“…to steal Ben’s Title (better than a Mockingbird? ;-)

I spent the last 24 hours in Shanghai.  No matter how eloquent, descriptive or powerful the language I use impacts you, it pales in comparison to the actual experience.  I know this about travel.  It was something I dreamed about long before I was old enough (and financially stable enough) to actually make those excursions reality, but I never tire of the lessons I learn when engaging new cultures and new civilizations!  As I write this, the opening monologue of “Star Trek” is playing on the video in my mind, “…to boldly go where no one (man) has gone before.”  Even though many have made these trips, for me each unique destination comes fraught with its own lovely frustrations, its own distinct character and a host of insights.

Shanghai is an amazing city.  At once, it is cosmopolitan and modern.  Around the next corner it is distinctly Chinese.  At the city center, the Pearl Tower and the Bund draw millions of visitors a week.  For our trip, during this week’s National Holiday, there were millions of visitors in Shanghai, and most of them seemed to be where we wanted to go!

But that is part of the flavor of China.  This is a land encumbered by human presence.  From the subway to the Bund Tunnel, people are everywhere.  Yet, the masses move with relative ease, and around every corner there are respites from the crowds if you know where to look.

I was warned about the population density.  From my perspective, it is no worse than NYC or Chicago during rush hour, the most notable exception being the subway.  Masses of people move onto and off those trains with a singular mission, and it is somewhat frightening to realize one might not make it off the train because of the people-mass you have to engage between you and the door of the train!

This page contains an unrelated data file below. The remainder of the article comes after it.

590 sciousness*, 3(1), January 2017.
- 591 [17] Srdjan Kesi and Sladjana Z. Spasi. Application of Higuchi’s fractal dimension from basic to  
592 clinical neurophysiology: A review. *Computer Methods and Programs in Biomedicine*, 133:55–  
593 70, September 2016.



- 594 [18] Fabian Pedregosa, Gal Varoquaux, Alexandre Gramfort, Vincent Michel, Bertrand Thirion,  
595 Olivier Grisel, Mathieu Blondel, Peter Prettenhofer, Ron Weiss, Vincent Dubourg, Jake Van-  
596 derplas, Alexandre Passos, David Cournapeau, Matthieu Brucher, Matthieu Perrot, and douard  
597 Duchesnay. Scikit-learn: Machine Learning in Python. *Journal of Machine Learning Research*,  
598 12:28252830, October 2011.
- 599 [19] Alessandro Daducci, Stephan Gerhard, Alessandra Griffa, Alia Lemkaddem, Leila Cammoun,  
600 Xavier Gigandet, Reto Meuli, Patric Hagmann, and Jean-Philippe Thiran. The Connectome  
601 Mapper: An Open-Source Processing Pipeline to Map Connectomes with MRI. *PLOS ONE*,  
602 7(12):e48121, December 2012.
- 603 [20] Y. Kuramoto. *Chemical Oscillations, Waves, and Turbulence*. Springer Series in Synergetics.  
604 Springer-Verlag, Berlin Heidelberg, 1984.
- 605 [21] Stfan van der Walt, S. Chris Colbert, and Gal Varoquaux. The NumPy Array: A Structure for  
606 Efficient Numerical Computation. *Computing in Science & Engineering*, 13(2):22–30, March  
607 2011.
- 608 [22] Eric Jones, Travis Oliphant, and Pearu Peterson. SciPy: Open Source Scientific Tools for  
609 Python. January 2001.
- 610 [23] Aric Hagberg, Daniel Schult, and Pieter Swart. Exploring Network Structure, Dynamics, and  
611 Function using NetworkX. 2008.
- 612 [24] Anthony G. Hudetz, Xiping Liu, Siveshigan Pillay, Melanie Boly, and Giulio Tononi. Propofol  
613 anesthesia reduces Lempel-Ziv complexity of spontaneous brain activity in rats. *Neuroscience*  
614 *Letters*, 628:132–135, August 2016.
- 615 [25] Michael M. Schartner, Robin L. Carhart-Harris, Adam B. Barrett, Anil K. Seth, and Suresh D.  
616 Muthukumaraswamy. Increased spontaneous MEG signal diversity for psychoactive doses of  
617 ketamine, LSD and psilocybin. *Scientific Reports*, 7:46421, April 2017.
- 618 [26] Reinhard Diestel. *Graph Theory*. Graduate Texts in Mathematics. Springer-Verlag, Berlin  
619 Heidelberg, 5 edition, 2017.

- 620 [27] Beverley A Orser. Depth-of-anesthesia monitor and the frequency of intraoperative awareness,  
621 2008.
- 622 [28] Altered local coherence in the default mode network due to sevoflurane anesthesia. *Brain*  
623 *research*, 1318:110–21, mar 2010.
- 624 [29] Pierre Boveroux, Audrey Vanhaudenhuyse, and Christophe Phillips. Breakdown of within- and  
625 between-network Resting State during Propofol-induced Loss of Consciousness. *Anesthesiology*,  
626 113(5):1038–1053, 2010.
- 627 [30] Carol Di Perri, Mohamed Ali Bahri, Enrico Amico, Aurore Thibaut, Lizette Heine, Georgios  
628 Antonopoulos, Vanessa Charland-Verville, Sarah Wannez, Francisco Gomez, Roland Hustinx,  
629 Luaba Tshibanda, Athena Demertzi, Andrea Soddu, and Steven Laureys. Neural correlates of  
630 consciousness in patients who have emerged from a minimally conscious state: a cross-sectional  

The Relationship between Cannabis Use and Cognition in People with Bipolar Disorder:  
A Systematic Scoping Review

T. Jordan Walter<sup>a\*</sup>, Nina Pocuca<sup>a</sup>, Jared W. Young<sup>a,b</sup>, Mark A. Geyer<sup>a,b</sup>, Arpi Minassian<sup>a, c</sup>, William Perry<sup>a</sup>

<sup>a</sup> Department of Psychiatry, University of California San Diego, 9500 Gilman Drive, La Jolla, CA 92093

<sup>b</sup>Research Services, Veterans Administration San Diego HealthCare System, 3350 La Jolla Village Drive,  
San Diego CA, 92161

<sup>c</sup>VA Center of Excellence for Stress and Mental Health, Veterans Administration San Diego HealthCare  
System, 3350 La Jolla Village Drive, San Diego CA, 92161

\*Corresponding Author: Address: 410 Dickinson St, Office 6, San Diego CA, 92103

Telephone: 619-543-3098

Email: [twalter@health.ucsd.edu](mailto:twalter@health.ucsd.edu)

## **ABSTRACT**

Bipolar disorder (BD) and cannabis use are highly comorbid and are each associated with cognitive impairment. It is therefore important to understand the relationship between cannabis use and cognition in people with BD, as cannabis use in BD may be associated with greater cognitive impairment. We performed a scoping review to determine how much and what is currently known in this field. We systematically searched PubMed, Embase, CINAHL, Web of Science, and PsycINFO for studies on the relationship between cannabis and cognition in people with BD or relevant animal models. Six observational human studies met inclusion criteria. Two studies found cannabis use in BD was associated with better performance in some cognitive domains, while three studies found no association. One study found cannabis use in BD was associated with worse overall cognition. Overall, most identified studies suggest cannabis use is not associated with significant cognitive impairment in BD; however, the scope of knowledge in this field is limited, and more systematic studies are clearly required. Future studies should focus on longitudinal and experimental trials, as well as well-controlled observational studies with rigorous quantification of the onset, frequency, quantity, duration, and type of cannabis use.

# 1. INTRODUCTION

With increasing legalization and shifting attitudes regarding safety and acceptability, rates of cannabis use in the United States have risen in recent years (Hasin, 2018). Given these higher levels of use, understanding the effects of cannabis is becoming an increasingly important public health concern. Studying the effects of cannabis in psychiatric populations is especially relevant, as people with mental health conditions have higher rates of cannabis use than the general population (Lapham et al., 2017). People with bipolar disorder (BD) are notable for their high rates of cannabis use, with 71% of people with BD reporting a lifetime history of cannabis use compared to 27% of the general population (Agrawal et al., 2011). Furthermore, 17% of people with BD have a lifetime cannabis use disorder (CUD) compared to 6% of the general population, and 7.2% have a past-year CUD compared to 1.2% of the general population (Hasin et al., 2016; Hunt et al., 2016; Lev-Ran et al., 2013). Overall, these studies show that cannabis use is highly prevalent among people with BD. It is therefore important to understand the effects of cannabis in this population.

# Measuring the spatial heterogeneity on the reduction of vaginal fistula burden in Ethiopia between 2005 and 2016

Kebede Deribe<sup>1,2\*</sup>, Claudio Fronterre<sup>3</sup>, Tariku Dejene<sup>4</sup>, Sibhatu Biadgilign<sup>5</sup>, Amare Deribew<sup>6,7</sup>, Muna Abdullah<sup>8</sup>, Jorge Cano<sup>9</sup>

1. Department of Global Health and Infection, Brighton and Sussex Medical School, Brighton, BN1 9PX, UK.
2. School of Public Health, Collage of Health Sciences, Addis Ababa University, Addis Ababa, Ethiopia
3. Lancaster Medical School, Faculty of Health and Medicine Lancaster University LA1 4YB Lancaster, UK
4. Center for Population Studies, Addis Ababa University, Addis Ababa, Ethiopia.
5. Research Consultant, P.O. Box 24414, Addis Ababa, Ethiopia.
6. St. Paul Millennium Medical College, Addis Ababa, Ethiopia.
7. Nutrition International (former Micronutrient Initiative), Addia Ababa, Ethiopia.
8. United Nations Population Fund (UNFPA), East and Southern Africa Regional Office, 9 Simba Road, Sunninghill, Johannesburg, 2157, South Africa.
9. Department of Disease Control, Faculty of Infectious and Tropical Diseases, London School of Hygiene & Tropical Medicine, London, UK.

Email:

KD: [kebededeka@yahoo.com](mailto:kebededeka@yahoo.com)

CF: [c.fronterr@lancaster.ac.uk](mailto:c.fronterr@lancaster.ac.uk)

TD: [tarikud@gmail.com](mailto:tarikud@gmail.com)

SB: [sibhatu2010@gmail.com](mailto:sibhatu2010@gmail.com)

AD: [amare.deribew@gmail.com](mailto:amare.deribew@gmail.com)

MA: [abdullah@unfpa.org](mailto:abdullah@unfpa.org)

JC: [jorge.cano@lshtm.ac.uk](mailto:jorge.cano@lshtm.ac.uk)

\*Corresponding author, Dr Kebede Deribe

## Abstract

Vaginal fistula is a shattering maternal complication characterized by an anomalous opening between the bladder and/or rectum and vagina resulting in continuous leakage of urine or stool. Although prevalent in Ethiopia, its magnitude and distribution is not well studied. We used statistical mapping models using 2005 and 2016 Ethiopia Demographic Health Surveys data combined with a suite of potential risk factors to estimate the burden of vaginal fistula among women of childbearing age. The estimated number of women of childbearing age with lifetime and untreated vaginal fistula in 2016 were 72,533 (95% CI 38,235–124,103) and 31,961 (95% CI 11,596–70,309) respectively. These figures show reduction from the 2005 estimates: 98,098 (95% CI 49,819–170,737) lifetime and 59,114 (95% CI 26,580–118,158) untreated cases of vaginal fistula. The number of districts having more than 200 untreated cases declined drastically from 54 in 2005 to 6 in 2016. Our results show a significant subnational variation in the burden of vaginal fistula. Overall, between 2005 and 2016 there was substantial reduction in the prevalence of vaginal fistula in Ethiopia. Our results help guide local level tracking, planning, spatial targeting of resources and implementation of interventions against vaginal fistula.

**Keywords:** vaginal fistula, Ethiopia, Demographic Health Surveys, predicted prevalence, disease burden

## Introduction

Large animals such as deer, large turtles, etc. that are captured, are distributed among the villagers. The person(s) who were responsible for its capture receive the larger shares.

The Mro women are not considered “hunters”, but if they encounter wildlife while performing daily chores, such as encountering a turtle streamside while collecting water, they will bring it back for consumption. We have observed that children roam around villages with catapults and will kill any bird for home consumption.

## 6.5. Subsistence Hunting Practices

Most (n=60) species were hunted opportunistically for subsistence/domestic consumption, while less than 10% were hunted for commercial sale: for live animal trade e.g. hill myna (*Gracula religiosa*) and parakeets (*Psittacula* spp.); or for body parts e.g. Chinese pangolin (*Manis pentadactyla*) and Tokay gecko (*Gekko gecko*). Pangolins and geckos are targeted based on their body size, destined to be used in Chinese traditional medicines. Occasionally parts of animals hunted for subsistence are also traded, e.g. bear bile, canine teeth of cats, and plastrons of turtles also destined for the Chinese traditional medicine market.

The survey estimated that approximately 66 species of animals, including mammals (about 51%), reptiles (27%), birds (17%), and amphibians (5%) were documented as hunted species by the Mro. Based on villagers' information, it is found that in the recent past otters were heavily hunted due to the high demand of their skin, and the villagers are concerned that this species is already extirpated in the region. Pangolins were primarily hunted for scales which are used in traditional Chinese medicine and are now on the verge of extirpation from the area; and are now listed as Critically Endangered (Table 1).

Regardless, this is part of the Chinese travel experience and with a bit of preparation it was easy to handle.  As to the actual experience, I was in awe with the architecture of the city!  The Pearl Tower was magnificent, as were the other architectural wonders of the area!  We spent a couple of hours there, had an amazing lunch at a Thai restaurant, and then made our way across the river to the Bund.  This is another shopping area, complete with thousands of locals and tourists!  From there, we made our way over to the French Concession.

A haven for expats, the French Concession was once French territory and operated under its own laws, as an embassy or consulate does.  Today however, it is a beautiful respite from the gleaming malls and skyscrapers for anyone who wants to spend an afternoon or evening enjoying a great glass of wine, cold beer or exquisite meal.  It is also an enclave for discriminating shoppers.  Nestled among tree-lined streets, the pace is decidedly slower and the culture much more diversified.  Here one can find Irish Pubs next to Mexican Restaurants, Asian Spas across from contemporary art studios, and sidewalks begging to be walked.